Yesterday, the Wall Street Journal  reported that the number of albums released globally in 2017 is roughly seven times the amount released in 1960. Which got me thinking, once again, what a horrible state popular music is in these days. Below is a column I wrote on the topic nearly 10 years ago.

I used to hate the major record labels. It all started when I read (years ago) that the average manufacturing and distribution cost of a CD—which listed in the $15.98 range at the time—was less than $2; a markup (after sales tax) of well over 800%.

Couple that naked avarice with endless stories of commercially-viable artists and bands who starved, while industry execs like David Geffen reaped billions in personal income, and I’d found myself the ideal recipe for years of righteous indignation.

That said, I largely blamed radio for the near-uninterrupted downhill slide of popular music over the past four decades—starting with the rise of research-driven playlists (and the subsequent marginalization of DJ’s who actually knew, and cared about, the music they played). Still, there’s no question that the record companies also found their place at the media trough—cranking out ever-blander McSwill for an ever larger, meeker and less discriminating listening public.

All of which is why I hailed the Big Bang spawned by Napster as the ultimate case of poetic justice. After all, if the vast majority of artists never see the first dime from record sales and songwriting royalties, downloading a song for free was no worse than stealing from the thieves who robbed the artists, right?

The next welcome blow against the labels’ tyranny was the advent of artist-direct digital distribution (coupled with affordable recording technology). Not only could artists directly profit from sales of their music, they now had complete creative freedom to express their artistic visions. On the surface, it’s a situation very much like the utopian scenario John Lennon envisioned in announcing the 1969 formation of Apple Corps. “We wanna set-up a system whereby people who just want to make [a record] don’t have to go on their knees into somebody’s office. Probably yours.”

In short, by 2006, the traditional record company model was all-but DOA. I couldn’t have been happier.

Today, I couldn’t be sorrier. In retrospect, my 180-degree turnaround started taking root in 2006—when I bought barely half as many records as I had the previous year, and a fourth as many as I bought in 2001 (when I averaged just over one new CD every week). This past year, I bought a grand total of three new releases—and the reason is now depressingly clear: It’s not just the record industry model that’s all-but DOA. It’s popular music itself.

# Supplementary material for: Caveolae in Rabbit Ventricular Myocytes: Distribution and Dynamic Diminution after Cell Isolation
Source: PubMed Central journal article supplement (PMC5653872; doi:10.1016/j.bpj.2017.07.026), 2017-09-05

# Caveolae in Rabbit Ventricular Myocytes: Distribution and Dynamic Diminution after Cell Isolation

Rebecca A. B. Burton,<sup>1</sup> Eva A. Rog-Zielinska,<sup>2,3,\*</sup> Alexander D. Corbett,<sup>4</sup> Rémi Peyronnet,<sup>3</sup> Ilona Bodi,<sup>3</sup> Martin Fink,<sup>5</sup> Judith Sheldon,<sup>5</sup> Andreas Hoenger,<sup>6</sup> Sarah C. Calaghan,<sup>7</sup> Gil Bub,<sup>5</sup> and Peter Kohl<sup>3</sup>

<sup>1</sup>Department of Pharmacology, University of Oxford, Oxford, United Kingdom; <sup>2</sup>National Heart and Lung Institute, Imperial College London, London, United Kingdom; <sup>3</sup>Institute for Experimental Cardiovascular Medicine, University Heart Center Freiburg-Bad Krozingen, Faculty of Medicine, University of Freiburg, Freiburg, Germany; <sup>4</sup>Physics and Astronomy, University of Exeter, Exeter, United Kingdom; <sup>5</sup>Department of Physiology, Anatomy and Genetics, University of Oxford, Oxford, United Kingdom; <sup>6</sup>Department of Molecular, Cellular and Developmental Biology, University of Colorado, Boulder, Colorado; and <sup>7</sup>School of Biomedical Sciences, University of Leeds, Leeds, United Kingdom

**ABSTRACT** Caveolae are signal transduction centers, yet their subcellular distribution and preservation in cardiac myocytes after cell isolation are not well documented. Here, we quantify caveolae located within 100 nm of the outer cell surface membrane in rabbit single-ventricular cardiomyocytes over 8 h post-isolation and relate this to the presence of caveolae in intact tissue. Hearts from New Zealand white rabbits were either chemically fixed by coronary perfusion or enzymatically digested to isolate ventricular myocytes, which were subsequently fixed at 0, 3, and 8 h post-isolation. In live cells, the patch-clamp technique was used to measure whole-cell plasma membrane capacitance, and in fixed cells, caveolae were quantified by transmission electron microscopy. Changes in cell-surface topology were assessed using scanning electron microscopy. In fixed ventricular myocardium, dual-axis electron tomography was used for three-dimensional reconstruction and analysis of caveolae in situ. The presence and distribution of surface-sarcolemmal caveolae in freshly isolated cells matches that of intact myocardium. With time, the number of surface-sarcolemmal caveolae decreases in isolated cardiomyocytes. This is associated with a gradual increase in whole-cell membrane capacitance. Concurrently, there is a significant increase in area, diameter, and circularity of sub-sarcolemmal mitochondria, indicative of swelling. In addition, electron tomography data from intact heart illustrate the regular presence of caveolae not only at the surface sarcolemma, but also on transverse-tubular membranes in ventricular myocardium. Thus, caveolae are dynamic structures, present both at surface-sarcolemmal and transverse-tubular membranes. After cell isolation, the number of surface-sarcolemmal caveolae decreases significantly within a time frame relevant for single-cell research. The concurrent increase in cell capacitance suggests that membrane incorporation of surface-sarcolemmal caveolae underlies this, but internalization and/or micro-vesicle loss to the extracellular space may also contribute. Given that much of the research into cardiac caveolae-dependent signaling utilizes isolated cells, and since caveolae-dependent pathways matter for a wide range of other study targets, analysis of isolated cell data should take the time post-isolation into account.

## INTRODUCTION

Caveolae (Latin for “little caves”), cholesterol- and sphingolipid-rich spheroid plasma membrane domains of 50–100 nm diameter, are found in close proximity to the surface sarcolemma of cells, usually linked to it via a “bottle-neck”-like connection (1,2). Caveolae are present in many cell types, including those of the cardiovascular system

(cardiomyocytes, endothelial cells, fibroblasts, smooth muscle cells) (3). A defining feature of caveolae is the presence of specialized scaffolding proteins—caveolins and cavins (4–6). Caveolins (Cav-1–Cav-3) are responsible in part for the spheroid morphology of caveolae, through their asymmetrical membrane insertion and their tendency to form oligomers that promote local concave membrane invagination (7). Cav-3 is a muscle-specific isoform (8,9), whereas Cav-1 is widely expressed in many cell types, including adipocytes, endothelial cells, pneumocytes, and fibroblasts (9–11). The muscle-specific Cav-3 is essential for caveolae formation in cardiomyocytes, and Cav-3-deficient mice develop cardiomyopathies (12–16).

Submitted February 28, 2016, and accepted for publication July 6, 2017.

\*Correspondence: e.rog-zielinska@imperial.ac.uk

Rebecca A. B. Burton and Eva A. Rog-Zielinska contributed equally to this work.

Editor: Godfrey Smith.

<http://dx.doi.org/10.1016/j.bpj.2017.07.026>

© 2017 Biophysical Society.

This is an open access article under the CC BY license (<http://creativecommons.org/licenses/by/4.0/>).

What’s worse, I’m convinced the record industry’s woes have led directly to contemporary pop’s lemming-like march to creative bankruptcy—and here’s why:

At their height, the major labels not only signed most of the great artists, they developed them. They provided environments for the kind of creative collaboration that great pop records rarely happen without. Nowhere was that theory borne-out more transcendently than Motown—where teams of songwriters worked with teams of producers, musicians and singers; all of whom knew their work had to live up to Berry Gordy’s ideal of great soul music that also appealed to White America.

So why is collaboration so important? Ultimately, pop music (whether it’s R&B, indie-emo, country-folk or hardcore punk) is a social art form. It succeeds to the extent that it connects. And when most artists are left largely to their own devices (without the strong hand of someone asking, “What’s this record about? Who are we talking to?”), a key connective element is lost.

At the same time, the often oppressive artistic control exerted by the labels—who have surely ruined as many potentially great records as they’ve produced—represented a very real “Establishment” against which great independent-minded artists could rebel. Example: For all its vomitous excess, the mainstream pop / rock establishment of the mid-1970’s was directly responsible for that decade’s often-brilliant new wave / punk movement.

I admit that my scorn for the contemporary pop scene—white and black—may be simply due to the fact that I’m old and out of touch. But on one point, I’m dead certain: In today’s post-modern, pan-ironic world, soul music has all but evaporated. And I don’t just mean Otis Redding / Aretha Franklin soul, but music from the heart. If that makes me old and out of touch, I can live with that very comfortably.

What I hate living with, is getting exactly what I wanted.

Originally published in Birmingham Weekly — February 25, 2009